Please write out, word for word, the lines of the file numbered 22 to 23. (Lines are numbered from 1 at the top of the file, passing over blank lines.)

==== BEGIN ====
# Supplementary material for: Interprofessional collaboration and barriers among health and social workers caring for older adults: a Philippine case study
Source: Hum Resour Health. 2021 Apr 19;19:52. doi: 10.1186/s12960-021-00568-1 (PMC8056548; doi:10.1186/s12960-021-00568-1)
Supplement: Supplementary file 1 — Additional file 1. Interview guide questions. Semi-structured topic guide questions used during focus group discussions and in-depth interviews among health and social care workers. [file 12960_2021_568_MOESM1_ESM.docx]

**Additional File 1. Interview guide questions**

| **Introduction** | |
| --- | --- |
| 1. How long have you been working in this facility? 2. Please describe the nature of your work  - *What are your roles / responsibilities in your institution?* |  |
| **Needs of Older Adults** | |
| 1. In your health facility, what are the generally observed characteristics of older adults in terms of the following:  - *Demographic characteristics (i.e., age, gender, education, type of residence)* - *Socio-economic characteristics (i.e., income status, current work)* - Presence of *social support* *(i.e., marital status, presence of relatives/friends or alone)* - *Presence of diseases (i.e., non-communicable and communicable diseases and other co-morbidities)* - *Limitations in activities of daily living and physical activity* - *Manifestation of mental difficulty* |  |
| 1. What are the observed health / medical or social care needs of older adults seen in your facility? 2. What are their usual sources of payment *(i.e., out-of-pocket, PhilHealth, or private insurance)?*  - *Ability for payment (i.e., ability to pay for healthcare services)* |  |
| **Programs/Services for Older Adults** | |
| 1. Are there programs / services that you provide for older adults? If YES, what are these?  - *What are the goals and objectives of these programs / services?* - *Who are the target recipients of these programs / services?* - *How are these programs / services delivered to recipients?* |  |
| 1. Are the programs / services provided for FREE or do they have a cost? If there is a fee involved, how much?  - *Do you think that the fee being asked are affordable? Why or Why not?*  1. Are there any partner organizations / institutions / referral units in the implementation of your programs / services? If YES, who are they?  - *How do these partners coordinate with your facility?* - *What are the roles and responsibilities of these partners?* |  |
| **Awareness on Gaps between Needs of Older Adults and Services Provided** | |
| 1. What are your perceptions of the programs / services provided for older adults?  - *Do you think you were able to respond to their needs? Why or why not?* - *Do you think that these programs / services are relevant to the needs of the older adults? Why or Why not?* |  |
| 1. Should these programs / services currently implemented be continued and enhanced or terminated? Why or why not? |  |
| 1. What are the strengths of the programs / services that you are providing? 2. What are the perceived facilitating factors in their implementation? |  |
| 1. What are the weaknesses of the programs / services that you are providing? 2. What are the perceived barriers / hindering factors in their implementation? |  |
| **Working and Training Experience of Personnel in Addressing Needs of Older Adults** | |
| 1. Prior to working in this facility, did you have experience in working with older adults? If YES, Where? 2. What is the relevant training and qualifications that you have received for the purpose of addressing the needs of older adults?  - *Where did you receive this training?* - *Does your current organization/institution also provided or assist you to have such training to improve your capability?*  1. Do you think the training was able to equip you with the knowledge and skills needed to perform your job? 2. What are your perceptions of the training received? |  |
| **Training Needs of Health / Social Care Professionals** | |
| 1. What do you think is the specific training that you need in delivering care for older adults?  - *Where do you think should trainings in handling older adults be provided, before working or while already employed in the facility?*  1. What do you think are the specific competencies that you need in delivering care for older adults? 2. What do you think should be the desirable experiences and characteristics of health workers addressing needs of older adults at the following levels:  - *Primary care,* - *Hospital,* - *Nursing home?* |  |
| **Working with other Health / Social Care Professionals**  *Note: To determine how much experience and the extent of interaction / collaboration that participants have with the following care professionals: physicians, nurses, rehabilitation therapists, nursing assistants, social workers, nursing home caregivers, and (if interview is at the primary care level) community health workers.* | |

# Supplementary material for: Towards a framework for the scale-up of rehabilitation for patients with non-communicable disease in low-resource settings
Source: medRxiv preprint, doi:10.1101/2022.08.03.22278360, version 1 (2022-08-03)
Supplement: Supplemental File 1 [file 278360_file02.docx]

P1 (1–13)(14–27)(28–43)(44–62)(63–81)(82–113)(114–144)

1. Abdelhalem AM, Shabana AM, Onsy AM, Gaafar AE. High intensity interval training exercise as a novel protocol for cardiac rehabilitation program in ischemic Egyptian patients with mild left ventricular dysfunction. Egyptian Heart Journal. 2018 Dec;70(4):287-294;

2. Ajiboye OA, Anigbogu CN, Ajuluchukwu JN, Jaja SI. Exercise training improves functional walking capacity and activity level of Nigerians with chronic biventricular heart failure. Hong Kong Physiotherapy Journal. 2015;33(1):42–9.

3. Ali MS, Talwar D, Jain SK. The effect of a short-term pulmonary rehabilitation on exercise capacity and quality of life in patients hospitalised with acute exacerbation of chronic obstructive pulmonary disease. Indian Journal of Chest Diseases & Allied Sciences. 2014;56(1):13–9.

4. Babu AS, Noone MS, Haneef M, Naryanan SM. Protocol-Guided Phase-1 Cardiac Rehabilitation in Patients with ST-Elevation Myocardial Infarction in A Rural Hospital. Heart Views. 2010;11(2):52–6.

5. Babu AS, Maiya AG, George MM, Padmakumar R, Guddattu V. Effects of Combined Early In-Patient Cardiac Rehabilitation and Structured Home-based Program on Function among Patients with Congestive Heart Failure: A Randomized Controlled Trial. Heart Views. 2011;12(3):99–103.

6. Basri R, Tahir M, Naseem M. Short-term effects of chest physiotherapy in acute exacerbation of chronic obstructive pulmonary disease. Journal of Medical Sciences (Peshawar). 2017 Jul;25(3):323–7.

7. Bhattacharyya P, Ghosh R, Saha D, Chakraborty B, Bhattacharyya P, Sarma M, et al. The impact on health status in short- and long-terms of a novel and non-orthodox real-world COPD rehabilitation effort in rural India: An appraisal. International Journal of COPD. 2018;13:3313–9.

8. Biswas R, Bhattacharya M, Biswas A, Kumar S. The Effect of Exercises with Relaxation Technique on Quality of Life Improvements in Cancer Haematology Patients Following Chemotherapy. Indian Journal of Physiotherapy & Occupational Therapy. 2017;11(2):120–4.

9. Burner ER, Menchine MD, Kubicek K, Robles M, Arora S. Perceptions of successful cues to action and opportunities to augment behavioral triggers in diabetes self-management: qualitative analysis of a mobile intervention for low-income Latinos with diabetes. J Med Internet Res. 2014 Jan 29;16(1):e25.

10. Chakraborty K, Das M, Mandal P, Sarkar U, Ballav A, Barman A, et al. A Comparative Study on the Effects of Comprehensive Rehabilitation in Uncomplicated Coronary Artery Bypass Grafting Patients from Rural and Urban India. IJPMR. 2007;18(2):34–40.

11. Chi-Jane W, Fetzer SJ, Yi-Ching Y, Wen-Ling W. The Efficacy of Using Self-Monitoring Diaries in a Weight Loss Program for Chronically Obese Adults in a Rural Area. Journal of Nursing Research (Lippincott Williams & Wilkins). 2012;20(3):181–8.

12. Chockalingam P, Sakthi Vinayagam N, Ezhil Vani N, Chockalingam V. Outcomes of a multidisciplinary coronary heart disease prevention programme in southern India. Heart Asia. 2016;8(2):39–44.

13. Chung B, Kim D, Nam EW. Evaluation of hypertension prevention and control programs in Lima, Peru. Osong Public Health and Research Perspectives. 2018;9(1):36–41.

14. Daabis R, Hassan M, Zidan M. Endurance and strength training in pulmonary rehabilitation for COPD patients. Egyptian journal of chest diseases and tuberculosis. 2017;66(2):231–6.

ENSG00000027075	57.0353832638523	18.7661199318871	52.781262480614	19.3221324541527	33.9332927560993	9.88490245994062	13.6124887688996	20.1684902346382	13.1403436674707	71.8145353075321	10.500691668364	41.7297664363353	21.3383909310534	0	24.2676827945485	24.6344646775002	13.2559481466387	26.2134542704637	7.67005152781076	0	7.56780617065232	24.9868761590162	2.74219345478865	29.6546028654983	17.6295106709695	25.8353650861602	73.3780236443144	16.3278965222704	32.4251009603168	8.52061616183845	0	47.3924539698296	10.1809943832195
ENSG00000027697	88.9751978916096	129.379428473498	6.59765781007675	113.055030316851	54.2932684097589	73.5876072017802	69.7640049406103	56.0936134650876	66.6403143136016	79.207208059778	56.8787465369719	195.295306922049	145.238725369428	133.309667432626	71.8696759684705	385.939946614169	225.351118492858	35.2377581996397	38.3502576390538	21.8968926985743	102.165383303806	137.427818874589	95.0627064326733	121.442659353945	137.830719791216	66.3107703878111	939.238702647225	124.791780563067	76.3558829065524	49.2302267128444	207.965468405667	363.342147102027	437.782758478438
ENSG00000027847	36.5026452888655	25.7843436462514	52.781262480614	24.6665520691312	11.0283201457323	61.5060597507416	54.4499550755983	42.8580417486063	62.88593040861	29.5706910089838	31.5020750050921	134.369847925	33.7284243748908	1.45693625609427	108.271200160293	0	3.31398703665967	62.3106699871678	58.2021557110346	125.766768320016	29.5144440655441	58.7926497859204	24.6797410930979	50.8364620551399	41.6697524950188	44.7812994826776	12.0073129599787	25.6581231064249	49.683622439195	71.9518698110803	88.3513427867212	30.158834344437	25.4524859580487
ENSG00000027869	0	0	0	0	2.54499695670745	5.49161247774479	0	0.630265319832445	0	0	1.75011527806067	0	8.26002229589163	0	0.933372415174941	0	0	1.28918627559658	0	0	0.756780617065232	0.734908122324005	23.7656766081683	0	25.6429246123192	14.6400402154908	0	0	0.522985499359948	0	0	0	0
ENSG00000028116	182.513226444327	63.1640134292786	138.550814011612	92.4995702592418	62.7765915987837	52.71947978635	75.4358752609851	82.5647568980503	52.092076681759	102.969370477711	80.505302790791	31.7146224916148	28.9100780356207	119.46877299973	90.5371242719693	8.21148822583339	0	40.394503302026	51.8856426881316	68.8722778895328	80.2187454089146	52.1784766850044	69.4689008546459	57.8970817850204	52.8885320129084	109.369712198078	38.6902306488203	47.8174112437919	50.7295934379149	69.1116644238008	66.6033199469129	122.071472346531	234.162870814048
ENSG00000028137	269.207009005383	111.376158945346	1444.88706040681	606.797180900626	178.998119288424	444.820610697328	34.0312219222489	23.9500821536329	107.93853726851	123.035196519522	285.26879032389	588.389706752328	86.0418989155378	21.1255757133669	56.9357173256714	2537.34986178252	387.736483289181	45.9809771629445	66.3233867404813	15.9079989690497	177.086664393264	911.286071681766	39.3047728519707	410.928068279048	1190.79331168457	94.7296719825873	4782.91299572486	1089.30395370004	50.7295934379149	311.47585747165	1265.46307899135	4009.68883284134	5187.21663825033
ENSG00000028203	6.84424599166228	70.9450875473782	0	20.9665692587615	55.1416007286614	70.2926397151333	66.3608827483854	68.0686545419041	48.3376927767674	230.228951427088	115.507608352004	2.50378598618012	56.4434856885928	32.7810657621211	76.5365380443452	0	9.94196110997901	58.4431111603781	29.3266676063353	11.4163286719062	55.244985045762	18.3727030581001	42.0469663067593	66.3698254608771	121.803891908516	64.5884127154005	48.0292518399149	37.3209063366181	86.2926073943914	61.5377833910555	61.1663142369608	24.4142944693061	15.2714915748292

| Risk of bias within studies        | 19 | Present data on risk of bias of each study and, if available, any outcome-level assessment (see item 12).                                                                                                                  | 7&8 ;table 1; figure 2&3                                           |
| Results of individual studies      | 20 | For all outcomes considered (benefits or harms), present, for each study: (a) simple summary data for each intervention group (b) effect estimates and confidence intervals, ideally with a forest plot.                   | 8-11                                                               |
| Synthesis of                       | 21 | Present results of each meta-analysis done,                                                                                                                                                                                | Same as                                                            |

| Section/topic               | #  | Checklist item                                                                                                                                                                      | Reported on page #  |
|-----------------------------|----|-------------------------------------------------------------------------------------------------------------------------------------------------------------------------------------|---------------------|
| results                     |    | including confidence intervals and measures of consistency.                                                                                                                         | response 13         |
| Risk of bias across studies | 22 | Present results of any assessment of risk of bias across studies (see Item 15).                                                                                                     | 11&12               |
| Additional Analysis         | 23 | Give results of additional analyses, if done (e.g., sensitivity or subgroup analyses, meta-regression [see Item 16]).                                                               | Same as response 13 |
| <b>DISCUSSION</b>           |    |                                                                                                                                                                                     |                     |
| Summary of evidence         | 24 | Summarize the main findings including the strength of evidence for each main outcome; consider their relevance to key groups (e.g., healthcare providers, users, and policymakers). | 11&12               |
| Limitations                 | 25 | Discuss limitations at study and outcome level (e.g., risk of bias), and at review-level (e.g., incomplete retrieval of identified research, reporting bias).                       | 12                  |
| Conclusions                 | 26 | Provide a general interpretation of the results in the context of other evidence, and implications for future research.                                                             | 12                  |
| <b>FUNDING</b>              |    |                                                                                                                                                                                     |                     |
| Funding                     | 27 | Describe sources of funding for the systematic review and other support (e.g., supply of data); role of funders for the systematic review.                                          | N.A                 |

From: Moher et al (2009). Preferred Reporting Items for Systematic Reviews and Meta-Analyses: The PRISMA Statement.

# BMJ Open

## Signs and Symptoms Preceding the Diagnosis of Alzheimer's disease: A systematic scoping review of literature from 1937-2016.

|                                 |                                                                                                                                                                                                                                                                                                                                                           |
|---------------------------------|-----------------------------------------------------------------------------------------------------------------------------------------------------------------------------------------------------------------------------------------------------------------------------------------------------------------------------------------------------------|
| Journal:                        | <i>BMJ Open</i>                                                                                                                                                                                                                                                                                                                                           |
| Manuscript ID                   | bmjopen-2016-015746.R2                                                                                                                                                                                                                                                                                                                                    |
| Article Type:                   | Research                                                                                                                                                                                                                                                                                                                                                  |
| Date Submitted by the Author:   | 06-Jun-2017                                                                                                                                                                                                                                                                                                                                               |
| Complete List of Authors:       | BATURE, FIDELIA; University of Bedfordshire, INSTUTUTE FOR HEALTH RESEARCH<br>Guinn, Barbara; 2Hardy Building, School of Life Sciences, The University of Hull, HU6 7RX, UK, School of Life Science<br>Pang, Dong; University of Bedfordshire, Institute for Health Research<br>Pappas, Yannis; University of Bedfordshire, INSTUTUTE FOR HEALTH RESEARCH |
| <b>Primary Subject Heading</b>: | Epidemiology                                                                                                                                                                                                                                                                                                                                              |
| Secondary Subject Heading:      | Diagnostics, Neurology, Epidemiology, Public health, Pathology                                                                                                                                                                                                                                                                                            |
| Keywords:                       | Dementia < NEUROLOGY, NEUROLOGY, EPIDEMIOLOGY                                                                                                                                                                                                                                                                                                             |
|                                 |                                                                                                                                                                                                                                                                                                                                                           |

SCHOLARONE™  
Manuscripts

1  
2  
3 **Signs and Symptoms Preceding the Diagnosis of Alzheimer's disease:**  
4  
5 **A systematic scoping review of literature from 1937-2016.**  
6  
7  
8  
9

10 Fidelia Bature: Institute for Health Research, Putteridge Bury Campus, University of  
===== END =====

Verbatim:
| 1. What do you think is the specific training that you need in delivering care for older adults?  - *Where do you think should trainings in handling older adults be provided, before working or while already employed in the facility?*  1. What do you think are the specific competencies that you need in delivering care for older adults? 2. What do you think should be the desirable experiences and characteristics of health workers addressing needs of older adults at the following levels:  - *Primary care,* - *Hospital,* - *Nursing home?* |  |
| **Working with other Health / Social Care Professionals**  *Note: To determine how much experience and the extent of interaction / collaboration that participants have with the following care professionals: physicians, nurses, rehabilitation therapists, nursing assistants, social workers, nursing home caregivers, and (if interview is at the primary care level) community health workers.* | |